The third level of the mother wound is the spiritual mother wound. And this is about, you know, I came to this realization as I was going through a lot of my own work with my own mother, that as I healed, on the personal level, I started to feel more and more connected spiritually, feeling like, I was like, wow, I really feel like I belong in my body now, I feel like I'm connected with life in a deeper way. So it's like this sense of belonging, connection and oneness with all life. So there's an attachment bond with life itself, that we are part of the family of life, if you want to call it that. It's amazing to witness how as we work with a mother wound that that block or sense of separation with a higher power begins to dissolve. And we can, we can have not just a conceptual realm of like, okay, I'm part of life, I'm part of the whole, but that becomes an actual visceral living reality, a direct realization. So that's what the spiritual mother wound is.
And then the fourth level is the planetary mother wound. And that's related to how the Earth itself is a mother, and is our mother, we come from her, we are part of her, and kind of we, you know, healing that relationship as well. Feeling that sense of responsibility, that sense of awe and connection with the earth is part of our own bodies. So it's an intimacy with a planet, and a sense of deep connection and responsibility towards her. So these are the four levels and they're all related and they're operating on these different levels. And the most important one, though, is that personal level, because if we try to skip and go to the spiritual mother wound, you know, we try to bypass our trauma, we can't help but necessarily project those wounds onto the earth on, you know, other people and what we bring to the world in our work as well.
Oh, my God, I have so many questions. Okay. Okay.
I know it's a big, it's a big thing, right?
It is. Partly for my own selfish reasons. And like, like full transparency, a lot of times I bring experts on because I'm like, okay, I need you to help me.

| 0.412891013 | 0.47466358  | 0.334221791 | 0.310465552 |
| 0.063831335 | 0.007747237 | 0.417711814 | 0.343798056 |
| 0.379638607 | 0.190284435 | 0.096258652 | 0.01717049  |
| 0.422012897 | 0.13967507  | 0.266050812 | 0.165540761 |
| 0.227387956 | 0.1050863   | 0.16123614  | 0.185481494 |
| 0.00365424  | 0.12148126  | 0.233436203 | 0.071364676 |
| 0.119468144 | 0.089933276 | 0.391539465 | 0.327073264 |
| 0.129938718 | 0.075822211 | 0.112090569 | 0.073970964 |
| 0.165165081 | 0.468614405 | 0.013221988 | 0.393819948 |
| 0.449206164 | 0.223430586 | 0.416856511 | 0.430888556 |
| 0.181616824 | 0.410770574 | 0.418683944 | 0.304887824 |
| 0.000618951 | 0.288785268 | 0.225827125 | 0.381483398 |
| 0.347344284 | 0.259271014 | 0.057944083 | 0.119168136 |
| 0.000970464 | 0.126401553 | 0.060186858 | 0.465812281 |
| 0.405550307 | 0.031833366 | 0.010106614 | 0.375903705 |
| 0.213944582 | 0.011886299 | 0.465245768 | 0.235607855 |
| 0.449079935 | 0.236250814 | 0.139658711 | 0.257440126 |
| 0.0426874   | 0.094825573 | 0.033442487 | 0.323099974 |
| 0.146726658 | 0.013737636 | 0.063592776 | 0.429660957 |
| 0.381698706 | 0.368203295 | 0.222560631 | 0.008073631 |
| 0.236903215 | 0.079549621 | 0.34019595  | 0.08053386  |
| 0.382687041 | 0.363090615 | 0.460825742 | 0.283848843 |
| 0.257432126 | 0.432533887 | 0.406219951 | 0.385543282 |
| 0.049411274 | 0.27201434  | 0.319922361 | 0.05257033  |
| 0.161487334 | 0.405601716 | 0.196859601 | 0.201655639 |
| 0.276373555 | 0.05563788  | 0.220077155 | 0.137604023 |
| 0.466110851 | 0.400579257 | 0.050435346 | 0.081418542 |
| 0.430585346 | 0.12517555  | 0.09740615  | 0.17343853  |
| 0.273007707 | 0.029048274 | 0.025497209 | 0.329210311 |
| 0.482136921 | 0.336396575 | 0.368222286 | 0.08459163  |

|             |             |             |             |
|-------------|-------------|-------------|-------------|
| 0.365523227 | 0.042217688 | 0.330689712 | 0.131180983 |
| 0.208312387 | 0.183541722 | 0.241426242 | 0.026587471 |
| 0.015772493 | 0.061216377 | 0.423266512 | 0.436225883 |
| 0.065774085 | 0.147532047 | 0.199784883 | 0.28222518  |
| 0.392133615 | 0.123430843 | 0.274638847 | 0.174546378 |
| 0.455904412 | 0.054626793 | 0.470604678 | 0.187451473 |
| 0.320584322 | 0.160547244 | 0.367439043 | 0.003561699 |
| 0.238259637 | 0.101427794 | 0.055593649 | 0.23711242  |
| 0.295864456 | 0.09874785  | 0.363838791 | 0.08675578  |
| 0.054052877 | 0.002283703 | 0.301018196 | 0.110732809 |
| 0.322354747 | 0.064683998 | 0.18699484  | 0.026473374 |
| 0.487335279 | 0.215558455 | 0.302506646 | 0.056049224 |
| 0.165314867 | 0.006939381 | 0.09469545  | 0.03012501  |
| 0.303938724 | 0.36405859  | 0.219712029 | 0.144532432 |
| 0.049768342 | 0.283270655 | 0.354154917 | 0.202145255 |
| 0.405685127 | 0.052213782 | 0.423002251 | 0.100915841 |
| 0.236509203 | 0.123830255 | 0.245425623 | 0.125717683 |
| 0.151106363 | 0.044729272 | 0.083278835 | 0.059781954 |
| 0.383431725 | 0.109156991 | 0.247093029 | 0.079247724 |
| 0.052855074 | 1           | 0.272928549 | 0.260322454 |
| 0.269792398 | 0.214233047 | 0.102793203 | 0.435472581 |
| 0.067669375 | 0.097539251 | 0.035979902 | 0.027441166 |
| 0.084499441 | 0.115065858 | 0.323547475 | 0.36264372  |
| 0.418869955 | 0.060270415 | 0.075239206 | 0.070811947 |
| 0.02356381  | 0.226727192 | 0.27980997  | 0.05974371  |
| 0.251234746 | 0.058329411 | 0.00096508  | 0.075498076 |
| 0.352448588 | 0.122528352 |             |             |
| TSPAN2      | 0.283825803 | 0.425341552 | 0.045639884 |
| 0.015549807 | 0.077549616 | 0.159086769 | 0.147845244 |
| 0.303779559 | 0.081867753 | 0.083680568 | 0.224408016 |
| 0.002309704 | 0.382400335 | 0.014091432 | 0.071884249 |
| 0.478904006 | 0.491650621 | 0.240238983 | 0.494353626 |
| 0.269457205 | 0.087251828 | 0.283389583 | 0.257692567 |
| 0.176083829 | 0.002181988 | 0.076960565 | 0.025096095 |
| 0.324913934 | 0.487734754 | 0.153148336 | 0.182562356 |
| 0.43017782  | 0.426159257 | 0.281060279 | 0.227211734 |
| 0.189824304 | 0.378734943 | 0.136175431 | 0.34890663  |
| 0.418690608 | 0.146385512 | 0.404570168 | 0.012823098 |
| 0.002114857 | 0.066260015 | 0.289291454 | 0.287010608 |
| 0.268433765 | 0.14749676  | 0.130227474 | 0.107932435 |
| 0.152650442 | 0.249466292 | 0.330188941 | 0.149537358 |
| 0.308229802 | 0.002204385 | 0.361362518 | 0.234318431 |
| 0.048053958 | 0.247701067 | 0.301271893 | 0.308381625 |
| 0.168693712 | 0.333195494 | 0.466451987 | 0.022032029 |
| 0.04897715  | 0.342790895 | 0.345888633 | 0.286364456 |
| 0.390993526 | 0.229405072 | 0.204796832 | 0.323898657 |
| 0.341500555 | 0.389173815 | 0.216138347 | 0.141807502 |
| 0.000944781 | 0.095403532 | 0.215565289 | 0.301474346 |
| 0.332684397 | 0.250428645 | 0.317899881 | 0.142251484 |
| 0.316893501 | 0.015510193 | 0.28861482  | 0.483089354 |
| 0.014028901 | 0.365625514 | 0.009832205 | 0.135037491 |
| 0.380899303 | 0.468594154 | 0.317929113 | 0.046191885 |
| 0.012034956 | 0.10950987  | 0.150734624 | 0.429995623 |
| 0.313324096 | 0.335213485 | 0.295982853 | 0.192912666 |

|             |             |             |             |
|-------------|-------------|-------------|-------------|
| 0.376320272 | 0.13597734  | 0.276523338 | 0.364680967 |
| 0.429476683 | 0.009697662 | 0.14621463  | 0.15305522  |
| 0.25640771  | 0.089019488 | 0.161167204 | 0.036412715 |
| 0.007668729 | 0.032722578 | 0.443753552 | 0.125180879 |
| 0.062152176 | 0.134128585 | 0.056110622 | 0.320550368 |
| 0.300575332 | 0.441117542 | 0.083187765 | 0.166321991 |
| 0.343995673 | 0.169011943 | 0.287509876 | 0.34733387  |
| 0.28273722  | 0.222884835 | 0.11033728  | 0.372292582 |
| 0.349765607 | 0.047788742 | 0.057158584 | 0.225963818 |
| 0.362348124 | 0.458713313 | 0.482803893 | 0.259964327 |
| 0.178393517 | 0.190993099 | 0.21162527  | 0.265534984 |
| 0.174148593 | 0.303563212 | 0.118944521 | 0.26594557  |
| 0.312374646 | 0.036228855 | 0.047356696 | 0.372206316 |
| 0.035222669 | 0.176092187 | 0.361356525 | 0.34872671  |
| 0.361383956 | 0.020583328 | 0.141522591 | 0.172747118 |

Oh, yeah, great.
Alright, I do want to ask, like, what is the cost, you know, without scaring people, like, what is the cost of avoiding that mother wound? Like, I know, you talked a little bit about how it can manifest, you know, when we have these unloved, unhealed wounds. But I mean, what prevents I guess the better question is What prevents women from healing it?
There's a lot of things that prevent women from healing it. Fortunately, now, there's been a growing awareness and interest in this work, which is really encouraging. But the things that typically stop women from looking at this and I include myself in that for years, I also didn't want to look at this issue at all, but usually, it's a fear of being angry at your mom, a fear of being an ungrateful daughter. A lot of us come from families that, to different degrees, family loyalty and obedience are extremely valued. And, you know, dysfunctional families are difficult because individuality and questioning the system is really discouraged. And it can be, you know, if you could risk exile, you know by…
Which is very real fear.
It's a very real fear. And so what often happens is that there's a tension that develops where the suffering that we are enduring because of the mother wound becomes really intense and there's like this shift that happens, where it's like, well I can no longer sacrifice my well-being for these illusions and for these patterns that I know aren't working. And so the balance flips to where it becomes more important to heal than it is to maintain some kind of status quo, whether it's cultural or familial. So it's like this tension of growing. I think now, more and more women are, we're living in a time where we're seeing what isn't working? You know, whether it's family beliefs, the kind of worldview we grew up in, or the, you know, some of the patterns in our families that might be kind of power over or full of conflict, or trauma. Women are really, I think, feeling the call to, like, address it more than ever.